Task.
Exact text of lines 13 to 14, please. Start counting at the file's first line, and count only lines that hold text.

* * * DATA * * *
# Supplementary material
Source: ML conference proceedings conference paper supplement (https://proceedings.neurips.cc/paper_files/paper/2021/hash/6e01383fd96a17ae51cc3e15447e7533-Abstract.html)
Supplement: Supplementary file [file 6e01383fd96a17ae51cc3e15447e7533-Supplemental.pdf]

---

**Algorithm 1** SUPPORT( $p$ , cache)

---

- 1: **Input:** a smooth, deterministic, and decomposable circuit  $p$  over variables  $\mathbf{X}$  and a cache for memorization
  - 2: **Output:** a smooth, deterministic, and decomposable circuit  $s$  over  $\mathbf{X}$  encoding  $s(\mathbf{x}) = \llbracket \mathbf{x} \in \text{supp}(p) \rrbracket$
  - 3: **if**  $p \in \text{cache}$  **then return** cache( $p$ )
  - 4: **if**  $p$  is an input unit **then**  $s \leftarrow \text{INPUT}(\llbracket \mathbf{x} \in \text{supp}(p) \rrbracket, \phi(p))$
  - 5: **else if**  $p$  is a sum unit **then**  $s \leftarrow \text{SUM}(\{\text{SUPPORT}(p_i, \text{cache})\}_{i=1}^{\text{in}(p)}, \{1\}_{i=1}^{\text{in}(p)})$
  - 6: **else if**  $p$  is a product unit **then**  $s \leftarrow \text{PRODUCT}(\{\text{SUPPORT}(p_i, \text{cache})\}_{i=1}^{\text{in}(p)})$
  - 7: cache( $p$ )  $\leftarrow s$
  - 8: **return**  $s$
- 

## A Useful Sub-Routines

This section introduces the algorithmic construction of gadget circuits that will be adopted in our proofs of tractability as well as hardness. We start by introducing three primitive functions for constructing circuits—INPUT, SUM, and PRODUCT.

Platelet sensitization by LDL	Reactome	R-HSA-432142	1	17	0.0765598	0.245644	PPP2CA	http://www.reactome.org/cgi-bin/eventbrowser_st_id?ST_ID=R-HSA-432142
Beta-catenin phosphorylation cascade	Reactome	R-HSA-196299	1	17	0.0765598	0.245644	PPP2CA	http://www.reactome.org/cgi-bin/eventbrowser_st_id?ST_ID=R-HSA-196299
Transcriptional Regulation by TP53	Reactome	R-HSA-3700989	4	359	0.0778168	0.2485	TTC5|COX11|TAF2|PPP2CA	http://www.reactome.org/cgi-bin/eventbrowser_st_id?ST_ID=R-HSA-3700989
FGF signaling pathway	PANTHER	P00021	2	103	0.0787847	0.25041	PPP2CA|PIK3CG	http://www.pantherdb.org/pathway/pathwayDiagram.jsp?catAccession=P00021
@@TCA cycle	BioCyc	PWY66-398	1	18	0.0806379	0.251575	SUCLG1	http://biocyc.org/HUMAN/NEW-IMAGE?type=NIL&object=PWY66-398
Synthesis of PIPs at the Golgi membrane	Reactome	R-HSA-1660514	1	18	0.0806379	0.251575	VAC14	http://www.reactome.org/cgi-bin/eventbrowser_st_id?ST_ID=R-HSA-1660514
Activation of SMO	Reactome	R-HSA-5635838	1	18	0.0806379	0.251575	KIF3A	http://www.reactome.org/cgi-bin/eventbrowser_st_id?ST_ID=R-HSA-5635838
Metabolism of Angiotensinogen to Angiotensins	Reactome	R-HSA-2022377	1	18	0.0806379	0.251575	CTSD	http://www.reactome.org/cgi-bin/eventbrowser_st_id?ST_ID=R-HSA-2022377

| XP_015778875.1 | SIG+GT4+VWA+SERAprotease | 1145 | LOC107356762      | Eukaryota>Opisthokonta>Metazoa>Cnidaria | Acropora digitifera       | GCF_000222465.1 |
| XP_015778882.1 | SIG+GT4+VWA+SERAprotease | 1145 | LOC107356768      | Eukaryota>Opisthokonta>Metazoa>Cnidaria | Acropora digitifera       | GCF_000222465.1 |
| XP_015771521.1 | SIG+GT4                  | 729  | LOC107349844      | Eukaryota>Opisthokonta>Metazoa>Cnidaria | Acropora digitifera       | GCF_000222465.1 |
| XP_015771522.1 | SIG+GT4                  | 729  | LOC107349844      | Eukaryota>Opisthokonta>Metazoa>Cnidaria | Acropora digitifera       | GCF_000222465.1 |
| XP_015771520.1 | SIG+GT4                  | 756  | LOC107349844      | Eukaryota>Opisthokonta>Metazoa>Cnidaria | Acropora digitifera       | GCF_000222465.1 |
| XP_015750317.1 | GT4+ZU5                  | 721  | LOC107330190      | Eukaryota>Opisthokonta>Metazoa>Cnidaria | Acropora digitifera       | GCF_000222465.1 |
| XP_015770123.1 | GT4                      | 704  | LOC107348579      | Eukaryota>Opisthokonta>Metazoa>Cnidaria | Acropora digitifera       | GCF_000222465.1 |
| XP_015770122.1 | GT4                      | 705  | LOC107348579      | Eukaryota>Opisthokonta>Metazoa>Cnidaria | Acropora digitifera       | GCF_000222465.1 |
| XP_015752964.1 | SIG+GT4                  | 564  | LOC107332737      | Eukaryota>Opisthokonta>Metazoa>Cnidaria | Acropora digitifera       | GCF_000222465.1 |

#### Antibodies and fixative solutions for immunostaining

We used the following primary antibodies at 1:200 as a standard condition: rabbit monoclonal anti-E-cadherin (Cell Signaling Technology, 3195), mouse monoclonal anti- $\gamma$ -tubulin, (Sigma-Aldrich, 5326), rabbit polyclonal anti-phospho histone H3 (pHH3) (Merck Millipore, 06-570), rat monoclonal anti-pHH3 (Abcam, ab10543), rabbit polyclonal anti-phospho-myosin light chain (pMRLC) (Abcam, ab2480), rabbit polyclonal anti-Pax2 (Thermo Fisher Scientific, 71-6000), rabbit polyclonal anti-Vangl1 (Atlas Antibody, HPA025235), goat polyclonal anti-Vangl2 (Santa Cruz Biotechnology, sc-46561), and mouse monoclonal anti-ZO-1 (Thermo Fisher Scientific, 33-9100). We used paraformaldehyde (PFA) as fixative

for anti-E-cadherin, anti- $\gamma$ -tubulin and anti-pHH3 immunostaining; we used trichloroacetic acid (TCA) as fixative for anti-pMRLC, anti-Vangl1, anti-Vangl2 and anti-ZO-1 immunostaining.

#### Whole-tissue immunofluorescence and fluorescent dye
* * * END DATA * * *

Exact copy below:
  - 7: cache( $p$ )  $\leftarrow s$
  - 8: **return**  $s$